Mark 4:35-41

I am impressed by many who cry out to Jesus for help. People in the Bible including blind Bartimaeus who shouts louder and louder when he hears Jesus is nearby; the woman who works her way through the crowd and reaches out to touch Jesus’ clothes; the small group who climb up on a roof to lower their friend in front of Jesus, and the centurion who says: “If you just say the word, my servant will be healed.” Jesus healed them and commended them for their faith. 1

In contrast, Jesus’ own disciples are embarrassing and uncomfortably familiar. They spend lots of time with Jesus, see the miracles, witness healing. Yet when a storm rises up, when life gets rough and tough, the disciples freeze in fear. “Teacher, do you not care that we are perishing?” Read More

Br. Curtis AlmquistPreached at Emery House

Mark 4:35-41

The Sea of Galilee is at the vortex of a wind tunnel coming from the north, and the sea is notorious for storms. A storm will literally come out of the blue. We could ask, why was this Gospel story remembered? Why has this story been passed down over the generations, eventually figuring into the Canon of Holy Scripture? It isn’t a “heads up” about bringing rain gear if you ever plan to travel in Galilee, though that may be prudent. Rather, the story has been remembered because it’s archetypal. This is a life story. There you are; all is calm, all is bright… and a storm hits. And so does fear. Read More

Br. John BraughtHebrews 11:1-2, 8-19
Mark 4:35-41

Those who have faith have confidence. Confidence literally means ‘with faith’.  From the Latin ‘con fides’, meaning ‘with fidelity’. Confidence literally means ‘with faith’.

Faith is belief that is not based on visible proof or evidence. “[F]aith is the assurance of things hoped for,” we read in the Letter to the Hebrews, “the conviction of things not seen.” Faith is belief that is not based on visible proof or evidence, and those who have faith have confidence. They know who God is, and they know what God can do. They trust in God’s promise, they trust in God’s power, and they trust in God’s provision. Those who have faith have confidence. Read More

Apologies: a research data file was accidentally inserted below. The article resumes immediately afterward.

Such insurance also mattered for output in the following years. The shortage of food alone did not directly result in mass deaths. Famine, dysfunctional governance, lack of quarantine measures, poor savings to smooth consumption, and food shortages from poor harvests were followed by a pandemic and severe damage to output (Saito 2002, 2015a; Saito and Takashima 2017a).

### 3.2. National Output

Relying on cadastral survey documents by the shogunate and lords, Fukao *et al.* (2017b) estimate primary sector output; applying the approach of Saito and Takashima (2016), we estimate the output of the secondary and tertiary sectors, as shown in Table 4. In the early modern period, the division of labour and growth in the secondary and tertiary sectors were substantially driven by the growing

Br. Luke DitewigMark 4:35-41

I am impressed by many people who cry out to Jesus for help. Bartimaeus who shouts louder and louder when he hears Jesus is nearby. A woman who works her way through the crowd and reaches out to touch Jesus’ clothes. The small group who climb up on a roof to lower their friend in front of Jesus. The centurion who says: “If you just say the word, my servant will be healed.” I am impressed. Jesus heals them, and he commends them for their faith. Read More

Mark 4:35-41

Peace, be still.  Peace, be still.  And the wind and the waves obey him.  And fearful men are filled with awe.  Jesus was the great wonder worker of his day: loaves and fishes, water into wine, great healings and raisings from the dead.  What we are to make of this today, how we are to understand these miracles today would be an interesting discussion.

But what is important to remember is that for there to be a calming of the sea, there must first be a sea.  For there to be a calming of the wind, there must first be wind.  For natural laws to be bent to divine will, there must first be nature.  And that is the primary miracle, the original miracle: that there is a world, a natural order.  That there is indeed something and not nothing and that it is a wonder to behold.